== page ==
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What, then, is this Proteus, and whence ?

Faith is a certitude without proofs. Being a certitude, it is an energetic principle of action. Being without proof, it is the contrary of science. Hence its two aspects and its two effects.

Is its point of departure intelligence ? No. Thought may shake or strengthen faith ; it cannot produce it. Is its origin in the will ? No: good-will may

favour it, ill-will may hinder it, but no one believes by will, and faith is not a duty. Faith is a sentiment, for it is a hope ; it is an instinct, for it precedes all outward instruction. Faith is the heritage of the individual at birth; it is that which binds him to the whole of being. The individual only detaches himself with difficulty from the maternal breast; he only isolates himself by an effort from the nature around him, from the love which enwraps him, the ideas in which he floats, the cradle in which he lies. He is born in union with humanity, with the world, and with God. The trace of this original union is faith. Faith is the reminiscence of that vague Eden

whence our individuality issued, but which it inhabited in the somnambulist state anterior to the personal life

Our individual life consists in separating ourselves from our milieu ; in so reacting upon it that we apprehend it consciously, and make ourselves spiritual personalities

– that is to say, intelligent and free. Our primitive faith is nothing more than the neutral matter which our experience of life and things works up afresh, and which may be so affected by our studies of every kind as to perish completely in its original form. We ourselves may die before we have been able to recover the harmony of a personal faith which may satisfy our mind and conscience as well as our hearts. But the need of faith never leaves us. It is the postulate of a higher truth which is to bring all things into harmony. It is the stimulus of research ; it holds out to us the reward, it points us to the goal. Such at least is the true, the excellent faith. That which is a mere prejudice of childhood, which has never known doubt, which ignores science, which cannot respect or understand or tolerate different convictions

- such a faith is a stupidity and a hatred, the mother of all fanaticisms. then repeat of faith what Æsop said of the tongue

We may

'Quid melius linguâ, linguâ quid pejus eâdem?' To draw the poison-fangs of faith in our. selves, we must subordinate it to the love of truth. The supreme worship of the true is the only means of purification for all religions, all confessions, all sects. Faith should only be allowed the second place, for faith has a judge — in truth. When she exalts herself to the position of supreme judge the world is enslaved: Christianity, from the fourth to the seventeenth century, is the proof it. ... Will the enlightened faith ever conquer the vulgar faith? We must look forward in trust to a better future.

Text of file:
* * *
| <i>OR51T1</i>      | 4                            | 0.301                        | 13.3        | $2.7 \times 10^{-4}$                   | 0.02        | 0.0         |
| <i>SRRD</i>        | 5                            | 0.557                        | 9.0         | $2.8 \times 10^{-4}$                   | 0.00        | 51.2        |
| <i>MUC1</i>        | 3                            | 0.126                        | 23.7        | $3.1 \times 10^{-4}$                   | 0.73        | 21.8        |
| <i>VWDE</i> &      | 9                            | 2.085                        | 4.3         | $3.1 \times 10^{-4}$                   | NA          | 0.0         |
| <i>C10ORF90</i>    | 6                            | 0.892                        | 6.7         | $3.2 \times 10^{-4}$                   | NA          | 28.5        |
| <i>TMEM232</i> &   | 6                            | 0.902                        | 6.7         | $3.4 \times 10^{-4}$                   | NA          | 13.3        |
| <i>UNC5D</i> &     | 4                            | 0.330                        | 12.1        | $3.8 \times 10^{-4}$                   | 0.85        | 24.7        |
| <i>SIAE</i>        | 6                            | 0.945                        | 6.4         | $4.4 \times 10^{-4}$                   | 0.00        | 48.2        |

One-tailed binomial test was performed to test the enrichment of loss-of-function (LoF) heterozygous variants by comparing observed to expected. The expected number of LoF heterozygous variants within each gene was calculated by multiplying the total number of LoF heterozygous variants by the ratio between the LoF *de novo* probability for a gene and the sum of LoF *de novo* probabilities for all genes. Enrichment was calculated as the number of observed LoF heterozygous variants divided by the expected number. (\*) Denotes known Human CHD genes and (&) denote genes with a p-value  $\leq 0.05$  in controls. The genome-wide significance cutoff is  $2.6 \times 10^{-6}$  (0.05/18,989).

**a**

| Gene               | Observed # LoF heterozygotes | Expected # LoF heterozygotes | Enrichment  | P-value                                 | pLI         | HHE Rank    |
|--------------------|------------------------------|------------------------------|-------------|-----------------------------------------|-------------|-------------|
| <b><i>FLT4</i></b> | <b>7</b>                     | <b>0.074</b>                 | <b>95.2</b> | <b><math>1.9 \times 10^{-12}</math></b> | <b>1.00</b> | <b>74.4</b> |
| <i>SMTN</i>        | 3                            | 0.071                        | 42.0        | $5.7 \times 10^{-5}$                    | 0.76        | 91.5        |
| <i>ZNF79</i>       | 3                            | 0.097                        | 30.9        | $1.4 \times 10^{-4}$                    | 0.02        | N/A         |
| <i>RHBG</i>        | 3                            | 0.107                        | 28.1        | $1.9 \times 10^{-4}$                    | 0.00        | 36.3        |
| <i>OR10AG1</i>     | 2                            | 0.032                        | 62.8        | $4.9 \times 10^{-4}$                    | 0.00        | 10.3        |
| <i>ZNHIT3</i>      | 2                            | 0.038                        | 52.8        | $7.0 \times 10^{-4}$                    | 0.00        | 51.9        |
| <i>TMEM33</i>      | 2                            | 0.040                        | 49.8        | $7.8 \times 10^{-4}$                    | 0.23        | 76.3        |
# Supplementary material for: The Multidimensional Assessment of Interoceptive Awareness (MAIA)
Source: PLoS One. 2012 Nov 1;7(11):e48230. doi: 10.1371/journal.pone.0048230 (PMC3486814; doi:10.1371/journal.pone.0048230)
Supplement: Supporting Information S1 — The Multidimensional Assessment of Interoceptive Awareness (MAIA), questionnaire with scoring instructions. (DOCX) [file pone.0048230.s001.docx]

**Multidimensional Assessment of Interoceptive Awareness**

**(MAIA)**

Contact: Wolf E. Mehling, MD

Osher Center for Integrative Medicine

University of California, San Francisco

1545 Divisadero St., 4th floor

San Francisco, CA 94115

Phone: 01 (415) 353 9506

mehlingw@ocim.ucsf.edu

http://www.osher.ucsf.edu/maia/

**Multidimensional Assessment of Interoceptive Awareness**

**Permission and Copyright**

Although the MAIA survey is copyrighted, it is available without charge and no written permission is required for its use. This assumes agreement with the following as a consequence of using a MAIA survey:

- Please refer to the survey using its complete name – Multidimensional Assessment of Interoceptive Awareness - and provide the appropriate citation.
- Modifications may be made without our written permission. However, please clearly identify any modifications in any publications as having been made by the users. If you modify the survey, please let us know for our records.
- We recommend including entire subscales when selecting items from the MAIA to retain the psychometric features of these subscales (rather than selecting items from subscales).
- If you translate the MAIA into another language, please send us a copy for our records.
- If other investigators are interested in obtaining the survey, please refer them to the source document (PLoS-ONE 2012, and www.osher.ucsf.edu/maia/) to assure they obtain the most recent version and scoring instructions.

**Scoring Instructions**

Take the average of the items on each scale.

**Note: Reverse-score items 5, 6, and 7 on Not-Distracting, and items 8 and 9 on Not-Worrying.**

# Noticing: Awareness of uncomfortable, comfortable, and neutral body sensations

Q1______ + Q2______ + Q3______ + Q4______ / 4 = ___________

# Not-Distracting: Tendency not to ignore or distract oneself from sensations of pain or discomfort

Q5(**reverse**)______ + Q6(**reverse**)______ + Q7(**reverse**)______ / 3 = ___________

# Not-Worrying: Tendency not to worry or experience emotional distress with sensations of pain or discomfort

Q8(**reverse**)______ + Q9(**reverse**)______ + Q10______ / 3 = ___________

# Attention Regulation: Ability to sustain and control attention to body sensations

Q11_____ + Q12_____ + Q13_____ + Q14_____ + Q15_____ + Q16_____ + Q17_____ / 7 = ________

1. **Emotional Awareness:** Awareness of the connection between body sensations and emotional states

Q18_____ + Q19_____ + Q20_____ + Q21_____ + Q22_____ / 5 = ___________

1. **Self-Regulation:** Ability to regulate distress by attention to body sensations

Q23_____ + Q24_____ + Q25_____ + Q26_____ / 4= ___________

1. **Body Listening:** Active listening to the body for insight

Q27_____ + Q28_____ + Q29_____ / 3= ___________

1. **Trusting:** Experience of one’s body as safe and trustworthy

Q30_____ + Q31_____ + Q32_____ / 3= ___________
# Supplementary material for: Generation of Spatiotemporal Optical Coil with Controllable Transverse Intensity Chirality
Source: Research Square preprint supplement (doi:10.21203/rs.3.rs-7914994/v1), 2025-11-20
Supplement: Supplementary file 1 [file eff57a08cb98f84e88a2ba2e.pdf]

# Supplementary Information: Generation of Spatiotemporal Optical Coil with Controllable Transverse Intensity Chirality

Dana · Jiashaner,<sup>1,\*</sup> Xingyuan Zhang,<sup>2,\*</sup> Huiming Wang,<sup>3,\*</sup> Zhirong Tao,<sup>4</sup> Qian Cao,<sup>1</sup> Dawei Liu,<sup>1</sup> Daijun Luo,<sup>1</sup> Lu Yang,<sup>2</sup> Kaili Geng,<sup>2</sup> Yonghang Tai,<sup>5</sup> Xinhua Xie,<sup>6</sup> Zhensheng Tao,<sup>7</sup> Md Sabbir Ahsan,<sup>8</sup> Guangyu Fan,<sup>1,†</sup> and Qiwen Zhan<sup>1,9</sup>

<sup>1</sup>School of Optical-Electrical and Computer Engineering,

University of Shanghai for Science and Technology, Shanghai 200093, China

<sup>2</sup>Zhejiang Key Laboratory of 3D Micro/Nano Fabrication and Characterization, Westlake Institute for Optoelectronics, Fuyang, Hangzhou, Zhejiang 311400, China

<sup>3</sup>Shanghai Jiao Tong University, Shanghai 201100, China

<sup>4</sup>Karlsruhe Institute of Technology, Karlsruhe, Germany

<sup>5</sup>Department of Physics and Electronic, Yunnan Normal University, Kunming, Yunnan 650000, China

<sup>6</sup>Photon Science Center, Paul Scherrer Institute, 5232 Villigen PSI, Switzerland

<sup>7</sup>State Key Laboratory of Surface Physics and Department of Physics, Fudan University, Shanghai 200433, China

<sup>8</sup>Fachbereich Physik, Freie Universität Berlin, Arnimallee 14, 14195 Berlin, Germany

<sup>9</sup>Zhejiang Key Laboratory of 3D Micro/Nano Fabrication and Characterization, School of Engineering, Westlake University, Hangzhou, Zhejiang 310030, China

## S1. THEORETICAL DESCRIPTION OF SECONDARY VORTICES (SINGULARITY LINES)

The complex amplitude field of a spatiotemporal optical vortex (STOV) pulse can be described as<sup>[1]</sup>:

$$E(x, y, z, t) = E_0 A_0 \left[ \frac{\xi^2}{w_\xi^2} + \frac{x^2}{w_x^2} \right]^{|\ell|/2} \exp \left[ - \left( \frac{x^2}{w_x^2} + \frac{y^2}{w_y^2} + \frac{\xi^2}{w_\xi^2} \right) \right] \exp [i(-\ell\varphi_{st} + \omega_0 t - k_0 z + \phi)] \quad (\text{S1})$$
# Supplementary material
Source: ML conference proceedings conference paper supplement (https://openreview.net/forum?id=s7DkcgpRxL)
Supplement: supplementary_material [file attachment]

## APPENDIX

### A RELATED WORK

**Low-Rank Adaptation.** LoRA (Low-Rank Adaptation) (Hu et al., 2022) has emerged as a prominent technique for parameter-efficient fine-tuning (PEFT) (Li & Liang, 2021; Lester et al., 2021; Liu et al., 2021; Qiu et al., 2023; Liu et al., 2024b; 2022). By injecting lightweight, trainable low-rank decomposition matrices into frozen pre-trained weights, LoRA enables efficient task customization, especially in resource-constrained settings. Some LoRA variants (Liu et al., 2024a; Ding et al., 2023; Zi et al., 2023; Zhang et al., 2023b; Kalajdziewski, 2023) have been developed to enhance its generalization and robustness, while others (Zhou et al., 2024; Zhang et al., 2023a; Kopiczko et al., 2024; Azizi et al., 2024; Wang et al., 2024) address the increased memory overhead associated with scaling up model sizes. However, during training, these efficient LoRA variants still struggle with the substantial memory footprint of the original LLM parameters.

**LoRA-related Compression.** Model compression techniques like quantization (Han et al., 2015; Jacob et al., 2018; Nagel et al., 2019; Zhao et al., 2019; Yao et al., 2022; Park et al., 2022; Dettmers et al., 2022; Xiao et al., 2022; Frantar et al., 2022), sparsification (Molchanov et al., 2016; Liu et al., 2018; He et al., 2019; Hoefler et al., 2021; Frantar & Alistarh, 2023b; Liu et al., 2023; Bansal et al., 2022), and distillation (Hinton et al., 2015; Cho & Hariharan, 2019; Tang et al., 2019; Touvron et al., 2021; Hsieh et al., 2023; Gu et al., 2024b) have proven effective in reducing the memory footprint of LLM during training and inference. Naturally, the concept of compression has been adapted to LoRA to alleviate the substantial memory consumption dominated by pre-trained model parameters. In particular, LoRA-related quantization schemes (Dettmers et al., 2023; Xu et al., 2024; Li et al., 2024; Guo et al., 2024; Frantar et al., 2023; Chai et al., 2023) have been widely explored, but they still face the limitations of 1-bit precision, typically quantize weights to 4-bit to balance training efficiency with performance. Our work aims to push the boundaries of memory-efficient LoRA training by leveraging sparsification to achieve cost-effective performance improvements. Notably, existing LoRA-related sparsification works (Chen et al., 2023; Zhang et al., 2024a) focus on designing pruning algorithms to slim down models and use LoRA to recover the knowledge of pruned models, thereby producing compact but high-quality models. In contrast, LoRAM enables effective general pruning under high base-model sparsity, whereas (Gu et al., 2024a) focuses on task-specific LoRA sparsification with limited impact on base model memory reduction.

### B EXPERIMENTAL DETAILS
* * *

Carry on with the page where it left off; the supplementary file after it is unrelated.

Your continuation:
The difficulty, however, is this. A narrow faith has much more energy than an enlightened faith; the world belongs to will much more than to wisdom. It is not then certain that liberty will triumph over fanaticism; and besides, independent thought will never have the force of prejudice. The solution is to be found in a division of labour. After those whose business it will have been to hold up to the world the ideal of a pure and free faith, will come the men of violence, who will bring the new creed within the circle of recognised interests, prejudices, and institutions. Is not this just what happened to Christianity ? After the gentle Master, the impetuous Paul and the bitter Councils. It is true that this is what corrupted the Gospel. But still Christianity has done more good than harm to humanity, and so the world advances, by the successive decay of gradually improved ideals.

19th June 1872. — The wrangle in the Paris Synod still goes on.11 The supernatural is the stone of stumbling. — It might be possible to agree on the idea of the Divine ; but no, that is not the question — the chaff must be separated from the good grain. The supernatural is miracle, and miracle is an objective phenomenon independent of all preceding causality. Now, miracle thus understood cannot be proved experimentally; and besides, the subjective phenomena, far more important than all the rest, are left out of account in the definition. Men will not see that miracle is a perception of the soul ; a vision of the Divine behind nature ; a psychical crisis, analogous to that of Æneas on the last day of Troy, which reveals to us the heavenly powers prompting and directing human action. For the indifferent there are no miracles. It is only the religious souls who are capable of recognising the finger of God in certain given facts.

The minds which have reached the doctrine of immanence are incomprehensible to the fanatics of transcendence. They will never understand these last — that the panentheism of Krause is ten times more religious than their dogmatic supernaturalism. Their passion for the facts which are objective, isolated, and past, prevents them from seeing the facts which are eternal and spiritual. They can only adore what comes to them from without. As soon as their dramaturgy is interpreted symbolically all seems to them lost. They must have their local prodigies — their vanished unverifiable miracles, because for them the divine is there and only there.

This faith can hardly fail to conquer among the races pledged to the Cartesian dualism, who call the incomprehensible clear, and abhor what is profound. Women also will always find local miracle more easy to understand than universal miracle, and the visible objective intervention of God more probable than His psychological and inward action. The Latin world by its mental form is doomed to petrify its abstractions, and to remain for ever

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